The US-Iran Impact on the Markets — Opportunities and Threats

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This report is a breakdown of our on-going research into the situation between the US and Iran. Our focus is on how this is affecting the financial markets and where there may be threats or opportunities.

The points in this article are based on our opinion and areas we see of interest at this point in time — if the situation changes, the points outlined are likely to change as well.

Summary

  • Tensions between the US and Iran have been escalating since the US withdrawal from the nuclear deal.
  • Without the nuclear deal in place, Iran can enrich uranium which is one of the planets most dangerous substances. It can be used to create nuclear explosive devices.
  • President Trump ordered the strike on Qasem Soleimani to deter “future Iranian attack plans”, which was a major escalation and rattled global markets.
  • Following Iran’s retaliation, the US doesn’t appear to be responding with military force and President Trump has hinted the nuclear deal could still be renegotiated. This has calmed global markets.
  • The US says they may introduce more sanctions against Iran which could provoke retaliation.
  • Further escalation would add a major risk factor into global markets, however, markets typically recover losses following a pre-war period.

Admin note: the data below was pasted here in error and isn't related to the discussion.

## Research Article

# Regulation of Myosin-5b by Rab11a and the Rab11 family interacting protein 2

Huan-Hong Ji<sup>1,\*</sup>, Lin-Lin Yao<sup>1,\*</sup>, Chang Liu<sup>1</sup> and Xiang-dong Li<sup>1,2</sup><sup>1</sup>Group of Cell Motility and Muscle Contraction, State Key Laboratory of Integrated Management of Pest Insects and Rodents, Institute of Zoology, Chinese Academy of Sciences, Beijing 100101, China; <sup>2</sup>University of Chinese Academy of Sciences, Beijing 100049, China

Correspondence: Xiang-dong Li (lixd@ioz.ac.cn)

The Big Picture

Tensions between the US and Iran have been escalating since the US withdrawal from the Iran nuclear deal. Without the nuclear deal in place, Iran will be free to enrich uranium.

On 3 January 2020, the US killed an extremely influential Iranian general on Iraqi soil with a missile strike. This created ripples through global markets.

Iran retaliated with a missile strike of their own, targeting three US-Iraqi air bases in Iraq. However, Pentagon officials believe Iran deliberately avoided hitting US personnel and the strike was just to ‘send a message’.

President Trump has said Iran appears to be standing down and vaguely suggested that the nuclear deal could be re-negotiated. Trump claims to seek peace with Iran and this has calmed markets. US stock indices have returned to all-time highs.

However, the US is still pushing ahead with further sanctions and the UK, France and Germany have triggered a dispute mechanism in the nuclear deal which pushes it closer to collapse.

Why This Matters